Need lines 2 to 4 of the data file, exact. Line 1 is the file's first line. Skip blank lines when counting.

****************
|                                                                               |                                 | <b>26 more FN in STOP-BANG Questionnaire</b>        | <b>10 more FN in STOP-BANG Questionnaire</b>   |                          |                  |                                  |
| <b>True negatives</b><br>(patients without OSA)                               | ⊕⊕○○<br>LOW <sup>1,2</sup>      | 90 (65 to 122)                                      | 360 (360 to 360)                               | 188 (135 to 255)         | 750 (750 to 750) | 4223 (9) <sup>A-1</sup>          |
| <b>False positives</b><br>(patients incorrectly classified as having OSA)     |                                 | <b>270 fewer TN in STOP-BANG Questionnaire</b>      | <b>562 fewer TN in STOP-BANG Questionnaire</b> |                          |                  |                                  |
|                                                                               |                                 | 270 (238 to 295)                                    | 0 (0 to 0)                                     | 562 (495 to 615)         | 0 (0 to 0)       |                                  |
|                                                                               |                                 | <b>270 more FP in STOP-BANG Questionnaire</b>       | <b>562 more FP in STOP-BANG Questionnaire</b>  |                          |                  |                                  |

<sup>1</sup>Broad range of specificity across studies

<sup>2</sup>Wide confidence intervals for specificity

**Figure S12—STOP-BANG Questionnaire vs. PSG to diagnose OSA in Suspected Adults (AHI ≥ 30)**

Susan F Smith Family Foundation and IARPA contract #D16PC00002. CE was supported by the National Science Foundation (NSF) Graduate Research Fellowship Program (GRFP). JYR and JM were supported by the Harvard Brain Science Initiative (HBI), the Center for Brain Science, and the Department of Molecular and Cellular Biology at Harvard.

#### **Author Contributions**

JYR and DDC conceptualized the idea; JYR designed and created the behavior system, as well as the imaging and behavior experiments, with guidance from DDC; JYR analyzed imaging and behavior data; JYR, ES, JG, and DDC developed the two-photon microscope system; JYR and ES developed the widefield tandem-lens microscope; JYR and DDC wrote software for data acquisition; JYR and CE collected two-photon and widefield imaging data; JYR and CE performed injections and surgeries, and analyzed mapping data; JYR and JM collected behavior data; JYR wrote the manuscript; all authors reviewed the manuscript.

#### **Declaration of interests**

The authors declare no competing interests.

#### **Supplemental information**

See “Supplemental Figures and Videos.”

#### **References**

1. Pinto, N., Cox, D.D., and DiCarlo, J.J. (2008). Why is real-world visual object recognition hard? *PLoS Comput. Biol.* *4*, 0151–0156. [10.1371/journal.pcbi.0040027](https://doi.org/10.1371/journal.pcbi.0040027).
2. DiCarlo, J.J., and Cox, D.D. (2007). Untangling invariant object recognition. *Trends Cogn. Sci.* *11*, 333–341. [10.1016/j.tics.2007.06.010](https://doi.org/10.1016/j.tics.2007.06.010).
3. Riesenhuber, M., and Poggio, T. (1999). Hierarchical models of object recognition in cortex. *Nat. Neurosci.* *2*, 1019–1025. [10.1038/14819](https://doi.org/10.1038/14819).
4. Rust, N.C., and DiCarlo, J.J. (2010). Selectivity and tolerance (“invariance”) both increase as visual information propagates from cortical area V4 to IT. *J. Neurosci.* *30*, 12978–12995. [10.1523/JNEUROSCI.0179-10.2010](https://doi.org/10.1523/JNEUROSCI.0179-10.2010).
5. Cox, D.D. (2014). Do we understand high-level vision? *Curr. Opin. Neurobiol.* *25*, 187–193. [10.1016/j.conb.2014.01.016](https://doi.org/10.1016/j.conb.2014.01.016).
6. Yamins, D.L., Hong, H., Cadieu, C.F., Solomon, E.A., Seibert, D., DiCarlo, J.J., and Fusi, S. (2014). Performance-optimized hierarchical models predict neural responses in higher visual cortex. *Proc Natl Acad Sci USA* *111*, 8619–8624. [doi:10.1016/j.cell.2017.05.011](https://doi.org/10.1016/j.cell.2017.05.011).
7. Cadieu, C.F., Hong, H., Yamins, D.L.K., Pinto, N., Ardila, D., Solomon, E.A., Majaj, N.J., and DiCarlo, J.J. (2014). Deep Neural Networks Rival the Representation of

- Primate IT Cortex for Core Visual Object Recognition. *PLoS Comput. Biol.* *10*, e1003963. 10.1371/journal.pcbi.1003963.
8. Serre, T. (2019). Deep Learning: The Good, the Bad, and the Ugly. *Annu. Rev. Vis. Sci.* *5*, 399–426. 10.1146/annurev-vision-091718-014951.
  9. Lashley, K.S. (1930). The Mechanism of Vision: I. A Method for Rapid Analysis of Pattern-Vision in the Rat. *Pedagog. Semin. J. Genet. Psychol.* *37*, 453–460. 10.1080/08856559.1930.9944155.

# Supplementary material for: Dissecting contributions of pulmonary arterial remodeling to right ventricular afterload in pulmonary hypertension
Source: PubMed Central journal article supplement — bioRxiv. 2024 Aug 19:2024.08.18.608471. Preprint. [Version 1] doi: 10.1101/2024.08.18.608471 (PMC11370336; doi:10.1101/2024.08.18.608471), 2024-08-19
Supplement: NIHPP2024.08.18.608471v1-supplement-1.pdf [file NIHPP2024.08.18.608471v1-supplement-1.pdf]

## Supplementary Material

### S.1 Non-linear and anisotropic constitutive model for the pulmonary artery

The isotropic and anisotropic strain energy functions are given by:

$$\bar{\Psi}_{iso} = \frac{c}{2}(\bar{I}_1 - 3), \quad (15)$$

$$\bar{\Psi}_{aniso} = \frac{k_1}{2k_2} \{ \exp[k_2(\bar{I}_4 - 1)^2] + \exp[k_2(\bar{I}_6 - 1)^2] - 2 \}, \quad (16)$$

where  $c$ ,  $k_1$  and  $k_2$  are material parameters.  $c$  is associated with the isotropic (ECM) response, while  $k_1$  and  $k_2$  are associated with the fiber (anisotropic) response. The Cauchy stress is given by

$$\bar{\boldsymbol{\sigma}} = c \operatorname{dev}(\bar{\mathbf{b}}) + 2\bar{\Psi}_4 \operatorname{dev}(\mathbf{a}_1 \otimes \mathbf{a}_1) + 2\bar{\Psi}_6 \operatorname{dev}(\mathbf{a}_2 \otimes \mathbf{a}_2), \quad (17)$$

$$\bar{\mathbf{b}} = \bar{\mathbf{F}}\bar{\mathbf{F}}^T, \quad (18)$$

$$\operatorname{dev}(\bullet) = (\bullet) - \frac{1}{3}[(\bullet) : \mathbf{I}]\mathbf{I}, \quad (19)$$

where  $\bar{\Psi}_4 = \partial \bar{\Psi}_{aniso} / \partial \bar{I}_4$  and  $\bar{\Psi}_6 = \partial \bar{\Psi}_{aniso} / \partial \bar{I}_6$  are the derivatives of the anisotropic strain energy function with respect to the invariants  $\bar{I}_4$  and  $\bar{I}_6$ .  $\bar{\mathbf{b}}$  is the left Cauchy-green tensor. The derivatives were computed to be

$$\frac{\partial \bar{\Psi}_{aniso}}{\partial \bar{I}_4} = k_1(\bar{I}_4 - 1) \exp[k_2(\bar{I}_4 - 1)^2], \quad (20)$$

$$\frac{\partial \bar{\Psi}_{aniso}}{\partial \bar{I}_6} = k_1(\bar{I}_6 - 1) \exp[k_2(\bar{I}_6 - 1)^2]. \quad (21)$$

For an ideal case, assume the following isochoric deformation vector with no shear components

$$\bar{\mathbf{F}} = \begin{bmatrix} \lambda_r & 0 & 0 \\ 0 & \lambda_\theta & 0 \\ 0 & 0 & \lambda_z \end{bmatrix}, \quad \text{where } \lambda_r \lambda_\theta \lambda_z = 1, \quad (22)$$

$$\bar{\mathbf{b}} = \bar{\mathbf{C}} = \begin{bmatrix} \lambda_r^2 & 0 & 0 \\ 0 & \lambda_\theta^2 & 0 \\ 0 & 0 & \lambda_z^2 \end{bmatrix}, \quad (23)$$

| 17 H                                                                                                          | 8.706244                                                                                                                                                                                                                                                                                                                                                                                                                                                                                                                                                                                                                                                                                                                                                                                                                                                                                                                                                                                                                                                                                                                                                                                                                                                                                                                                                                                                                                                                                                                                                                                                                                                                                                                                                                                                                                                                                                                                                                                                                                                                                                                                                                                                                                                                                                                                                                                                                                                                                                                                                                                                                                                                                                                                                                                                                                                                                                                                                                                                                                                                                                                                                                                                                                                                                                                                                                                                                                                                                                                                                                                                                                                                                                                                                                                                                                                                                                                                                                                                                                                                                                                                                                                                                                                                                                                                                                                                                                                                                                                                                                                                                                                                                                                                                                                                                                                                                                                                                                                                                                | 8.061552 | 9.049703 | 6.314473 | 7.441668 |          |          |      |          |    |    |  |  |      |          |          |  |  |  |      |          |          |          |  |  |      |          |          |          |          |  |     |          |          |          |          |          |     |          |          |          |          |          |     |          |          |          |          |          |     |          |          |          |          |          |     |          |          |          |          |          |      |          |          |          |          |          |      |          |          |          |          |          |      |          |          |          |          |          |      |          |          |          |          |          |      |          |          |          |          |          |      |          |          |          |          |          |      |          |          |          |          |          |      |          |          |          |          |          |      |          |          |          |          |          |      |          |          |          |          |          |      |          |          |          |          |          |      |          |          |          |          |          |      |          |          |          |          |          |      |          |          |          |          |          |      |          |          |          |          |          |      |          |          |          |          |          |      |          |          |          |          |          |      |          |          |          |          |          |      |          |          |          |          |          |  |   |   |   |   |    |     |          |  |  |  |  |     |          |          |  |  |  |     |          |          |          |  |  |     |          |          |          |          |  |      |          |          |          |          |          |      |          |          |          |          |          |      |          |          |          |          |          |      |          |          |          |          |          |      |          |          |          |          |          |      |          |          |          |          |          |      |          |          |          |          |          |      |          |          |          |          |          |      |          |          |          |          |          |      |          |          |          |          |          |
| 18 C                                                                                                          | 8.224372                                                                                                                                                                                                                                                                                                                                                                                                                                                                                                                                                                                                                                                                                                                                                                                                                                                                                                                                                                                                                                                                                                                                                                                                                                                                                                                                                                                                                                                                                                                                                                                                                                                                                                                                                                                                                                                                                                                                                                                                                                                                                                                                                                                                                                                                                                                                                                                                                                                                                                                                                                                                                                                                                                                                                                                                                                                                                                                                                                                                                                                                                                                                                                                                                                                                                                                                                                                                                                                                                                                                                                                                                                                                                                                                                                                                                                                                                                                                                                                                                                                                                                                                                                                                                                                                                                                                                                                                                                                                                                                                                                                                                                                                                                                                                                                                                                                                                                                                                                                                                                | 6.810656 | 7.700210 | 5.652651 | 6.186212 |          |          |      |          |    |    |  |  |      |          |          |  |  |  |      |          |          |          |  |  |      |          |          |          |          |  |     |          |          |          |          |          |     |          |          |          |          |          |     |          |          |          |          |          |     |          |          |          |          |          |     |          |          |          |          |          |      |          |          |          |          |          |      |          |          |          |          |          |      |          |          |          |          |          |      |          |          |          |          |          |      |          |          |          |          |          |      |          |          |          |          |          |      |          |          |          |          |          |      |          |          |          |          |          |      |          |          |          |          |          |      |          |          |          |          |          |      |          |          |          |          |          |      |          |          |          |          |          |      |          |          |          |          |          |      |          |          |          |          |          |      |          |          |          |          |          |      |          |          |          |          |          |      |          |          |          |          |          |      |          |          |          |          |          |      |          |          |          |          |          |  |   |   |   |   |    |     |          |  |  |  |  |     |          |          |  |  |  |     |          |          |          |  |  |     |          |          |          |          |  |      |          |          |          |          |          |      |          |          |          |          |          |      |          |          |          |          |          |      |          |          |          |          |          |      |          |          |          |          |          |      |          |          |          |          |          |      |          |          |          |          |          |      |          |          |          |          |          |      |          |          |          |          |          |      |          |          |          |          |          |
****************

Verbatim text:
| <b>True negatives</b><br>(patients without OSA)                               | ⊕⊕○○<br>LOW <sup>1,2</sup>      | 90 (65 to 122)                                      | 360 (360 to 360)                               | 188 (135 to 255)         | 750 (750 to 750) | 4223 (9) <sup>A-1</sup>          |
| <b>False positives</b><br>(patients incorrectly classified as having OSA)     |                                 | <b>270 fewer TN in STOP-BANG Questionnaire</b>      | <b>562 fewer TN in STOP-BANG Questionnaire</b> |                          |                  |                                  |
|                                                                               |                                 | 270 (238 to 295)                                    | 0 (0 to 0)                                     | 562 (495 to 615)         | 0 (0 to 0)       |                                  |